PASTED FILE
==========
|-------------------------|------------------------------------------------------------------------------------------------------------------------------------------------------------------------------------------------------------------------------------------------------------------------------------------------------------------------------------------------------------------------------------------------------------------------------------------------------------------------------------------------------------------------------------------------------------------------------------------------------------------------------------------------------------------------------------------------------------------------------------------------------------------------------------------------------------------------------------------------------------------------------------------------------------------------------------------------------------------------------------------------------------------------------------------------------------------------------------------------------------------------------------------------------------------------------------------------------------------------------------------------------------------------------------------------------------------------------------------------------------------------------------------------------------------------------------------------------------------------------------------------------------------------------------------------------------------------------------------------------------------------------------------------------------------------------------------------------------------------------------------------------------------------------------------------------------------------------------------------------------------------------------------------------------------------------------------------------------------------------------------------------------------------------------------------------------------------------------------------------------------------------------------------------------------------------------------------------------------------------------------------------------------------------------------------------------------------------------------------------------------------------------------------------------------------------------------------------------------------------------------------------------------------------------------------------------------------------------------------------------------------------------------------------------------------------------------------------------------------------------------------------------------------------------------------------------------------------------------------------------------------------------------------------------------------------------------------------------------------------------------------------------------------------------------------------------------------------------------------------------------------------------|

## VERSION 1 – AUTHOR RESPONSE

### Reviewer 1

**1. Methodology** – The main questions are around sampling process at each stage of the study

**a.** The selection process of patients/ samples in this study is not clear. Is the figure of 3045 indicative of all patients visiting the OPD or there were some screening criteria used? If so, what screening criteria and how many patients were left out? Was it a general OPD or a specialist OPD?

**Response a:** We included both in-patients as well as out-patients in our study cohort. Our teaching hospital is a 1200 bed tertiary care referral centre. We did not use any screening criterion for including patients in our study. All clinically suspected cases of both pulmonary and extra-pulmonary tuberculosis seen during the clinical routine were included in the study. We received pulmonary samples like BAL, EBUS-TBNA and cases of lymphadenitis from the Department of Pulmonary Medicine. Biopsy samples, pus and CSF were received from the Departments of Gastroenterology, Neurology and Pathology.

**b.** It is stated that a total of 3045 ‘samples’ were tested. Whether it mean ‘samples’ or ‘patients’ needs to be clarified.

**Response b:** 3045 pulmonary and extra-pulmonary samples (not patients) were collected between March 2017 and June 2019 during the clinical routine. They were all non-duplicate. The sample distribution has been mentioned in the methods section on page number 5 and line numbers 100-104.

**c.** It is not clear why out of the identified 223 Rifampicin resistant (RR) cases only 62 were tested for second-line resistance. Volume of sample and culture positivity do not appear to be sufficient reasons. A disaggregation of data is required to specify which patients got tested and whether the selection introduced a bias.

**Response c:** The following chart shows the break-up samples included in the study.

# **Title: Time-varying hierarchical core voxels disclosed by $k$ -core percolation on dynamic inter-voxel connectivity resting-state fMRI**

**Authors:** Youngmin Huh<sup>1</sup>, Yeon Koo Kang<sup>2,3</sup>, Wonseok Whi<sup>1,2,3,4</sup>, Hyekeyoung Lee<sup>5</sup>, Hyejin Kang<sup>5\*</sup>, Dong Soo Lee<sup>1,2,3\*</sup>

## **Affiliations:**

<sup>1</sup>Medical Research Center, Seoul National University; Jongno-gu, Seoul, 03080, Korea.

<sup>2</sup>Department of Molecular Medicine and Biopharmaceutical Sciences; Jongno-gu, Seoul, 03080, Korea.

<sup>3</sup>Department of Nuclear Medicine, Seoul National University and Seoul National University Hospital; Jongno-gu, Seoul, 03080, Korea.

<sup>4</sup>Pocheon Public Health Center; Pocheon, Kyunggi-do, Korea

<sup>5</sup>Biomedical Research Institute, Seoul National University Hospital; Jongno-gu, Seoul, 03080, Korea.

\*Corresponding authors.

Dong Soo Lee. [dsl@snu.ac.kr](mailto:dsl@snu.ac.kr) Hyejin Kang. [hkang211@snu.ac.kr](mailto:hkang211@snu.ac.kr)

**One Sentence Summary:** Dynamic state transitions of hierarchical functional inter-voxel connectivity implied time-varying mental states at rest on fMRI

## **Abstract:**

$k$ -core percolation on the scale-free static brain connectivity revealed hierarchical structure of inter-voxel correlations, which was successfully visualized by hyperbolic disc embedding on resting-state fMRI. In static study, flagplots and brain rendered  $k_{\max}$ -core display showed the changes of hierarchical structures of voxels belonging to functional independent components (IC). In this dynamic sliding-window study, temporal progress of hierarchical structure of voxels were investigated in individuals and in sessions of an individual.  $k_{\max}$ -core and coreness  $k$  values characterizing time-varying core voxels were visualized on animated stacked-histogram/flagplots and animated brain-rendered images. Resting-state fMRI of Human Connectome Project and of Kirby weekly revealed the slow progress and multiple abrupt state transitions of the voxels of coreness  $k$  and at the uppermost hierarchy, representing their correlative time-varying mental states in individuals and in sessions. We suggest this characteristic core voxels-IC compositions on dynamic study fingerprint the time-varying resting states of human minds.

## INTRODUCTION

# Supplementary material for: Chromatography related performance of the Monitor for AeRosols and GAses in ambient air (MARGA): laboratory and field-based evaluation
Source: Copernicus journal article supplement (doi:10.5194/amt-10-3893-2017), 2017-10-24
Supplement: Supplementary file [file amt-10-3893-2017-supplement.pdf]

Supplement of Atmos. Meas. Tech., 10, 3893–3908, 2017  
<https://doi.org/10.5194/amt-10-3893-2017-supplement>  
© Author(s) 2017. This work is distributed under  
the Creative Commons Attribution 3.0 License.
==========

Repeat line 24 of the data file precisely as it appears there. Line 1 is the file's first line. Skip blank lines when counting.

## INTRODUCTION